I recently had the pleasure of Interviewing author Chris Nickson who after living in USA for 30 years has moved back to his homeland in the UK, he is a successful music Journalist, has had more than 30 books published and he has done Radio and is now writing a series of fiction novels as well. I hope you enjoy my interview with Chris as much as I did…


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1.Ok first off tell us a bit about yourself?

    I’m Chris Nickson. I was born and raised in Leeds, England, then moved to the US at 21 and spent 30 years there – 10 in Cincinnati, 20 in Seattle – before moving back to the UK, where I live in  Nottingham. I’ve made my living as a writer since 1994, working as a music journalist, and publishing non-fiction (mostly, but not all, quickie celeb biographies), doing some radio for NPR and more recently publishing fiction, a series of historical mysteries set in my hometown of Leeds in the 1730s.

    2.You have had a huge number of books published do you have a favourite ?

      I have two real favourites. Head and shoulders above the others is Cold Cruel Winter, which comes out in the UK in May. It’s the second in the Leeds series, and it still hits me powerfully – I can even find a passage in it where the writing seems okay to me!

      The other is the NPR Curious Listener’s Guide to World Music, a kind of rough guide encompassing all world music in a single volume. That was a lot of work, a lot of research and amazingly satisfying.

      3. You have written both Non Fiction and Fiction novels how do you find the creative process differs for each style ?

      Ultimately it’s always sitting there and typing. There’s no glamour to writing, it’s work, all work. The differences occur in that, with non fiction, you have everything laid out before you. You have to find out how to approach it and then lay it out – it’s more straightforward. Writing fiction is a bit of a high-wire act, and much of the time you don’t know in advance where you’re going, you’re just writing down the movie in your head and hoping it’s a good one.

      4. Do you read reviews of you work and if so do you let it affect your writing ?

      I’ve read reviews of my fiction. Does it affect what I do? No. That said, a good review will boost you. I’ve had a couple that have left me soaring. For two minutes, anyway. Then reality kicks in and you know you have to make the next one better.

      5. Have you got any moments or reviews that really stand out for you ?

      A couple. I was pleased with a starred review for The Broken Token in Publisher’s Weekly, even more so when my publisher said it was unusual for a début. And there was another review that said it was my leading character’s compassion that lingered. I loved that. And finally, one that realised that Leeds itself was a character in the book.

      6. Everyone approaches the creative process differently do you have any quirks or rituals to get you into the zone ?

      I set myself a goal of 500 words a day on the book. If I’m working on several books at once, that’s 500 on each of them. It’s not too much pressure and leaves ideas to trickle over into the next day. I work seven days a week. Other than that, no rituals. I haven’t sacrificed sheep or virgins. Yet.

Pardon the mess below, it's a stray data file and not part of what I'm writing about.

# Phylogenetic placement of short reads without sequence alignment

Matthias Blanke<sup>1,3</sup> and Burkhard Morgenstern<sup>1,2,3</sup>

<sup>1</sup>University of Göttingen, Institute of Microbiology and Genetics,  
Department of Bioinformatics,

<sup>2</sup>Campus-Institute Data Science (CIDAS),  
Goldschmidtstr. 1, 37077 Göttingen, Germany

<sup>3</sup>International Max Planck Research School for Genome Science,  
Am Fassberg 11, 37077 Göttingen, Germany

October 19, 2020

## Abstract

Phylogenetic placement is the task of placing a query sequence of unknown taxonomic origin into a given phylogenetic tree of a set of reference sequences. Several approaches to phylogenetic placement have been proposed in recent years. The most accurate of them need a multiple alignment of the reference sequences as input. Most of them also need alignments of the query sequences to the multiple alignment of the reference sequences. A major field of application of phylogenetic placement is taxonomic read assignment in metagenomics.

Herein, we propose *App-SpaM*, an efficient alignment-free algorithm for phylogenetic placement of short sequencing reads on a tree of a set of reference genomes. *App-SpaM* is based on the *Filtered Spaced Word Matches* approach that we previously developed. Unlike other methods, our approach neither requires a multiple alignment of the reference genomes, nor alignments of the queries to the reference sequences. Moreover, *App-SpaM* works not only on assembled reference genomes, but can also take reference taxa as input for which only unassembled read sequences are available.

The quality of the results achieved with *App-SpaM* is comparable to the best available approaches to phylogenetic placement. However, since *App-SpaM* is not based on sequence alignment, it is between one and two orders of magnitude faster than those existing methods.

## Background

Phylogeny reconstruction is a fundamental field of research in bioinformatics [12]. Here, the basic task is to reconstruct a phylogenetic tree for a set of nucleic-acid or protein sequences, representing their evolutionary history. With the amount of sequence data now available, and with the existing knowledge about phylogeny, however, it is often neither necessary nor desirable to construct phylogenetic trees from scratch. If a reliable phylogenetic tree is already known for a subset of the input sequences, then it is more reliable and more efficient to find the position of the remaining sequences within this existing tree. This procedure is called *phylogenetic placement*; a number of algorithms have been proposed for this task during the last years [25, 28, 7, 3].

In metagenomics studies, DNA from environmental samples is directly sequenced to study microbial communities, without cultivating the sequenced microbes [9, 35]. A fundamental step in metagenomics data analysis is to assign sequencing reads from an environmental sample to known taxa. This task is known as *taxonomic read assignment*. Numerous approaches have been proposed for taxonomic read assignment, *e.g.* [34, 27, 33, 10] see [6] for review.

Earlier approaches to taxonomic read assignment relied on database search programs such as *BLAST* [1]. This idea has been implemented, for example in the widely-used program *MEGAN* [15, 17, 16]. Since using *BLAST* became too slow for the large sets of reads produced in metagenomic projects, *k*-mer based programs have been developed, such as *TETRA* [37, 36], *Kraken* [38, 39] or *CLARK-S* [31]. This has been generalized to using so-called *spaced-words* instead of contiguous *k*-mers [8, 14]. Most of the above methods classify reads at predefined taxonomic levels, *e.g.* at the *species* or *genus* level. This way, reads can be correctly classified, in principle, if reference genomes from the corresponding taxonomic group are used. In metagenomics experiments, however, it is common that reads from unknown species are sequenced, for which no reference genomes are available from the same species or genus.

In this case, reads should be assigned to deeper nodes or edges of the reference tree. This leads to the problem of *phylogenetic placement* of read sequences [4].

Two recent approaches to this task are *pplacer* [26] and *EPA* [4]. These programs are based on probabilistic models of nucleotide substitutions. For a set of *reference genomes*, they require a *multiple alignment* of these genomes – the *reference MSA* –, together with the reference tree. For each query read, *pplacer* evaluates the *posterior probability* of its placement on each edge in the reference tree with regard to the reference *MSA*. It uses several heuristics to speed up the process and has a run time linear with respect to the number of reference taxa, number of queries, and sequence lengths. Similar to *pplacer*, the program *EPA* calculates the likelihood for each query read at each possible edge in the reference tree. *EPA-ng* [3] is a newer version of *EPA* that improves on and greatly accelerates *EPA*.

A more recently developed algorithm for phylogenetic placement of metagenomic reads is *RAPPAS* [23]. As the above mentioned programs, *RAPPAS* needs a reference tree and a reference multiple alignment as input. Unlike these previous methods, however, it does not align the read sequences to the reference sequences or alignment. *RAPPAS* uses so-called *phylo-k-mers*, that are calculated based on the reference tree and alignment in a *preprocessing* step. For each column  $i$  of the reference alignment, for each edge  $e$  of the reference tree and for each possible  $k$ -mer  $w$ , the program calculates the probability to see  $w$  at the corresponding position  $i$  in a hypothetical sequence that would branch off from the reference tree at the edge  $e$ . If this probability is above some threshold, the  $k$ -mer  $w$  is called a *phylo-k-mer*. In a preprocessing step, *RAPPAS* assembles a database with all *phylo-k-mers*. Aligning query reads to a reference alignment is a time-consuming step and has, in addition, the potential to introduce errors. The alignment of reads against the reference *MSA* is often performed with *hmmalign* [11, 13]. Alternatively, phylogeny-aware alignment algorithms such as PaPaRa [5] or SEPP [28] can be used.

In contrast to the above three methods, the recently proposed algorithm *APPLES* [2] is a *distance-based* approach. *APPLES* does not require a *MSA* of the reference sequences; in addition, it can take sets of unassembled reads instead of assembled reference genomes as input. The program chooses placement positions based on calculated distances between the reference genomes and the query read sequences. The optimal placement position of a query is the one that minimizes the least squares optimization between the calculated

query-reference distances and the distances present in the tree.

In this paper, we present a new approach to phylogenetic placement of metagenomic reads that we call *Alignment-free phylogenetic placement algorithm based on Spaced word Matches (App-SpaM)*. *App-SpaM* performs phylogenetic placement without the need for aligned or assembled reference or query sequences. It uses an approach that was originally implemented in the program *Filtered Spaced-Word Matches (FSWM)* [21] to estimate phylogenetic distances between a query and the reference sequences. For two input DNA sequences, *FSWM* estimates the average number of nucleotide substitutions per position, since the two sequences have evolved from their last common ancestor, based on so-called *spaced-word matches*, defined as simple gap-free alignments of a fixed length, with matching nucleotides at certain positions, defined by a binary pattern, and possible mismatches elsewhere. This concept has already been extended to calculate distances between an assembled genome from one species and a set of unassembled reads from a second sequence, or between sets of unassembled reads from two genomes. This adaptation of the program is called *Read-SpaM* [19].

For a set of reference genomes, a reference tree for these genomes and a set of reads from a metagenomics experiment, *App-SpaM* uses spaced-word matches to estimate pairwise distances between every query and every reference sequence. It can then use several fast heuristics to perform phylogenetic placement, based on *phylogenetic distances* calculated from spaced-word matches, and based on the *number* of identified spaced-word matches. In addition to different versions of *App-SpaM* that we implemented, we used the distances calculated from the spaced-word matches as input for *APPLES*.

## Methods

7. Being a music journalist you would have met some interesting characters in your time, is there anyone that really stands out in your memory ?

      Hmm, so much is done on the phone, to be honest. But there was a wonderful drunken night in New York with a couple of members of the Boo Radleys, long, glorious discussions with Irish fiddler Martin Hayes in Seattle, seeing so many of the Seattle bands in small clubs and meeting Peter Gabriel – one of my heroes – at WOMAD.

      8. When you write celebrity biographies are you brutally honest or do you hold back some details to protect the person you are writing about ?

      I no longer do them, at least not the celeb kind (I do have a book coming out in June on singer-songwriter John Marty, not a celebrity but someone whose music I love). When I did, a lot was held back. The aim was to appeal to people, not to lawyers. Often going through sessions with the publisher’s lawyer took longer than the line edit.

      9. After changing to fiction writing do you find the process more enjoyable ?

      I still write plenty of music journalism and always will. I love music, it’s important to me and it moves me. But fiction satisfies like nothing else, and in Richard Nottingham (who actually was Constable of Leeds in the period I’m covering) I seem to have a resonant character.

      10. And finally what are you working on now ?

      You mean apart from earning a living? I’m on the fourth book in the Leeds series, about 11,000 words in at present. Then there’s another novel, completely different tone, set in Seattle in the 1980s, and I’m finishing up the biography of John Martyn.


      Thanks for taking the time to speak to me Chris I really appreciate it and I look forward to reading the latest installment in the series !